Making the High School-College Leap

New study suggests counseling philosophies make a difference for those considering 4-year institutions, but not for 2-year institutions.
February 13, 2008

Why do some students move more smoothly from high school to college than do others? Much of the research focuses on issues of school resources and the differing quality of academic offerings, drawing attention to the advantages of students who attend wealthier high schools.

A new study published in the journal Sociology of Education points to a related, but less studied factor: the philosophy of high schools with regard to college advising. The study identifies three general styles of offices and notes the positive impact of the more ambitious approach – but also finds that this disappears when it comes to students whose choices are community college or not going to college at all.

The study – by Lori Diane Hill, assistant professor of education at the University of Michigan -- is based on a national database from high schools in major metropolitan areas, tracking where students ended up in college (or how many didn’t). The study divides counseling center philosophies into three categories, based on their activities: “traditional” (which doesn’t involve doing that much at all), “clearinghouse” (in which the office focuses on providing a wide range of materials on colleges, financial aid, etc.) and “brokering,” in which a much more active approach is taken.

On a series of measures, Hill found that brokering results in more of the types of activities that encourage college enrollment. Brokering counselors are more likely than others to encourage college visits, to assist with college applications, to help with financial aid applications, to contact college officials, and to contact parents.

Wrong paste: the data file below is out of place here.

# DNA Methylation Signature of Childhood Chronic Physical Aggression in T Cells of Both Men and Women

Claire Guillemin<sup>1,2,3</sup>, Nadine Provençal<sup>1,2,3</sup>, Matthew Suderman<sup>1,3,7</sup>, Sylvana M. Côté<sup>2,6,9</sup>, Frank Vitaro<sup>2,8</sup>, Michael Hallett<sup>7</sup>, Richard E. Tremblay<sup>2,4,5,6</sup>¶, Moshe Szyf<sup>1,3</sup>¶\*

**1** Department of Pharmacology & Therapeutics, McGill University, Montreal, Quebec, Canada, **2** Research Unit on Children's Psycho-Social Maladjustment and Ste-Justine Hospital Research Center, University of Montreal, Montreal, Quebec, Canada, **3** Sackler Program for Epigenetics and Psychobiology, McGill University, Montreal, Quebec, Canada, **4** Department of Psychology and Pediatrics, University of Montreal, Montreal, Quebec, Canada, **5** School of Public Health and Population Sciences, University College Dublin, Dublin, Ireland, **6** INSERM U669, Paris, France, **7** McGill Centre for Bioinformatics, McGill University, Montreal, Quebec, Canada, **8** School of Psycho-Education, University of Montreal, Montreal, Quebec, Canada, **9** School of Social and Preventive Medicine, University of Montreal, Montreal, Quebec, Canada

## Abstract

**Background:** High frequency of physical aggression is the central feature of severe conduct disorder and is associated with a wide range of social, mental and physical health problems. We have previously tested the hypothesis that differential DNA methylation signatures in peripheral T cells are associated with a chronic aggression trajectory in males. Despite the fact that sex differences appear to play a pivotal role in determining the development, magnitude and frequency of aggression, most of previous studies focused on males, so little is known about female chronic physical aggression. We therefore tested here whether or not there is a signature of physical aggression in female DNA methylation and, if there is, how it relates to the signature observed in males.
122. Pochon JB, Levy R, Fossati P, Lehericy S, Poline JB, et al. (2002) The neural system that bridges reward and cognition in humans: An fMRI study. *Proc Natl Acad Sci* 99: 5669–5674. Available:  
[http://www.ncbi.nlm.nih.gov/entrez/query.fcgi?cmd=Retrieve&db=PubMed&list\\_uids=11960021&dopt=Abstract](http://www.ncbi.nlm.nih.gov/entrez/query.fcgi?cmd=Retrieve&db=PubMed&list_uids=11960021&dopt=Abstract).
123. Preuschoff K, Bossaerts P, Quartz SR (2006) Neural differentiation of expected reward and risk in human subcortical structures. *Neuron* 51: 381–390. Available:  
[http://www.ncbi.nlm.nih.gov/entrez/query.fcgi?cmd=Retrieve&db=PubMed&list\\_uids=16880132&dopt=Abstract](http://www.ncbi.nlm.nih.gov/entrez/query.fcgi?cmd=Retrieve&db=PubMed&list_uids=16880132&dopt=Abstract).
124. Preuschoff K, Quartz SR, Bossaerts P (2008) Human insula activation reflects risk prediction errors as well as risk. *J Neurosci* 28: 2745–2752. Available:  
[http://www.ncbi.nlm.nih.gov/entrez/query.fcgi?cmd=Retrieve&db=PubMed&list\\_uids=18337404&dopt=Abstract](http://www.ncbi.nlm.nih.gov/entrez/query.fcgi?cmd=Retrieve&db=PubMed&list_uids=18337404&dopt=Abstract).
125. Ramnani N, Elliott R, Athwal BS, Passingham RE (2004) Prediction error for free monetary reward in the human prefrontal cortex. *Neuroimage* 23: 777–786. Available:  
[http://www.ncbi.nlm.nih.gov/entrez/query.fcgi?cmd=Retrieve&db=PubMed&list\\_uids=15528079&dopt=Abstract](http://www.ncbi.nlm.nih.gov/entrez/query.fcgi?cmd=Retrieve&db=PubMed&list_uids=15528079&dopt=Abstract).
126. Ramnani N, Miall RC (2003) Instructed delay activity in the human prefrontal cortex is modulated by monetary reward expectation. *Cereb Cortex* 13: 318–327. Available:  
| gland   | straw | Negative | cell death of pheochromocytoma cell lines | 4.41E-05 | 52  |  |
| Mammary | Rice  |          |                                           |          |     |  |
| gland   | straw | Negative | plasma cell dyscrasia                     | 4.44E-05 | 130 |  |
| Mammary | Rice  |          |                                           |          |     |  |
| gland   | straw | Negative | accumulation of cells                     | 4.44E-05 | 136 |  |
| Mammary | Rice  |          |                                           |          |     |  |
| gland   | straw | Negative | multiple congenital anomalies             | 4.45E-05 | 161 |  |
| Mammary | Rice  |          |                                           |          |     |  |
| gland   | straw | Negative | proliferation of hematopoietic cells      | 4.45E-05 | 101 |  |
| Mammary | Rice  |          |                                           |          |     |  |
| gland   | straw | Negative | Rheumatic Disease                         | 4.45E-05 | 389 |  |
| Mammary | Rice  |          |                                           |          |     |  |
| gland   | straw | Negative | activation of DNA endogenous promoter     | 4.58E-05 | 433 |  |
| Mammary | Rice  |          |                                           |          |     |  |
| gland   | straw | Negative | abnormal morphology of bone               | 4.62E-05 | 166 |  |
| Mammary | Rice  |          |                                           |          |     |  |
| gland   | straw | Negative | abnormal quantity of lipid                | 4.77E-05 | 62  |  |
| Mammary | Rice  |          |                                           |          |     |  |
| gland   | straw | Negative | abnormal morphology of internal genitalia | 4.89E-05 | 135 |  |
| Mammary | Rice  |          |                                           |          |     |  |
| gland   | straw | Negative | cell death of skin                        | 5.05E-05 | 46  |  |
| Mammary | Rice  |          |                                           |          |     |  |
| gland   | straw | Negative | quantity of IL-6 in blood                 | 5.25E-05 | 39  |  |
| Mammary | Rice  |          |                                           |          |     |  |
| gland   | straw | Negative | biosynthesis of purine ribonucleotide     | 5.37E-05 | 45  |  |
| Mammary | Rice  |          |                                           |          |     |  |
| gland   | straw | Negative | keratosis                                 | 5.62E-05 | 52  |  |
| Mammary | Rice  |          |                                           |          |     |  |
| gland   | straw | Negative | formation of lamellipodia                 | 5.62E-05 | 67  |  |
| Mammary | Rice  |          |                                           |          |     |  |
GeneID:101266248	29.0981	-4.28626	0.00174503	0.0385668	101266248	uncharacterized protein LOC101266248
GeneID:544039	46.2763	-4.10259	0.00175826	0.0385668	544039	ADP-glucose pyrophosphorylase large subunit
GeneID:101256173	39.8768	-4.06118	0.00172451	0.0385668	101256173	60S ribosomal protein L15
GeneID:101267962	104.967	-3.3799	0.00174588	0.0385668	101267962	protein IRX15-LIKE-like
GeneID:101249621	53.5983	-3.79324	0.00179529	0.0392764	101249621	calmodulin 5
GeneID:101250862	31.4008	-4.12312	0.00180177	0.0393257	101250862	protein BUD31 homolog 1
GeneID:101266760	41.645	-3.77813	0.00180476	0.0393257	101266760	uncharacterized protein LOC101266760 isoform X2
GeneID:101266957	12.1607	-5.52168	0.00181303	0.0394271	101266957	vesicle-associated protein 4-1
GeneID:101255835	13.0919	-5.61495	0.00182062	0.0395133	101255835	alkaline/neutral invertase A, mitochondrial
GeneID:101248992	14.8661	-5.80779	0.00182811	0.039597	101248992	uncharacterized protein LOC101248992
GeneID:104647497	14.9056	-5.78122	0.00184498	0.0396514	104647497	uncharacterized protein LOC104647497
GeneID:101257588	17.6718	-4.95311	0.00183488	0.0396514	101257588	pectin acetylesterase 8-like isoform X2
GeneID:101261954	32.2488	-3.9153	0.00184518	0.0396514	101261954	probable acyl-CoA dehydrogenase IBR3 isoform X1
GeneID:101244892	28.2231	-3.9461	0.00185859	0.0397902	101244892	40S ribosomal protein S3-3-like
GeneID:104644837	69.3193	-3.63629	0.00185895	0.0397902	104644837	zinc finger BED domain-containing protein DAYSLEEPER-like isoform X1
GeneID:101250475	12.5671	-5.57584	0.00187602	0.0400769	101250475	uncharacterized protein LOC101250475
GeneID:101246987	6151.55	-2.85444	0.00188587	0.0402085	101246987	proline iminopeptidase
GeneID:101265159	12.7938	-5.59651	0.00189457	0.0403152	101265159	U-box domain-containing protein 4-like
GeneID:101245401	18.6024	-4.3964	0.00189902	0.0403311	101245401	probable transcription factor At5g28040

While Hill found that brokering has become the dominant form of counseling, that is largely because of its use in private high schools. In the database, about one quarter of schools used a clearinghouse approach and 56 percent used the brokering approach, but almost half of the schools in the latter category were private. Relatively few private schools reported using the clearinghouse approach.

Hill focused on how the different methods might relate to key equity issues in college admission. One of the most encouraging findings was that the positive impacts of brokering apply across socioeconomic status. She analyzed the results of students’ college enrollment decisions based on their academic records, and found that there is strong evidence that brokering is applied equally across racial, ethnic and economic groups – in schools with the same philosophy. In other words, at a high school with brokering, two talented students – one wealthy and white and the other low income and minority – are both likely to gain from the brokering approach in ending up at a four-year college.

While Hill wasn’t surprised that brokering generally helped students, she said it wasn’t clear going in that this would be the case across the board. So she said this was encouraging.

The clearinghouse approach, she said, did not seem to hold back students if they were already poised to go to college. But the negative impacts of this approach appear to apply more for those that may or may not go to college.

On this issue, she found disappointing results at brokering schools too. The positive impact of brokering disappears when dealing with students whose academic performance suggests a choice between community college or no college.

While both clearinghouse and brokering approaches have some positive impact, the traditional (minimal) approach is used at schools with a disproportionate share of the black and Latino student population, Hill found. Not surprisingly, there is a wealth correlation with brokering schools.

In an interview, Hill said she hoped the study would prompt more attention to “school organizational infrastructure” – along with academic quality – in considering the factors that will help more students enroll in colleges. The finding is timely in light of many public schools reporting increasing counselor-to-student ratios, which can have the effect of creating de facto clearinghouse philosophies, even if the counselors would prefer more of a brokering approach.

At the same time, Hill said that her findings suggested the need for brokering counselors to learn more about community colleges and the options for students who may not be bound for four-year colleges. “What we need to recognized,” she said, “is that there is a population of students who require systematic institutionalized outreach.”


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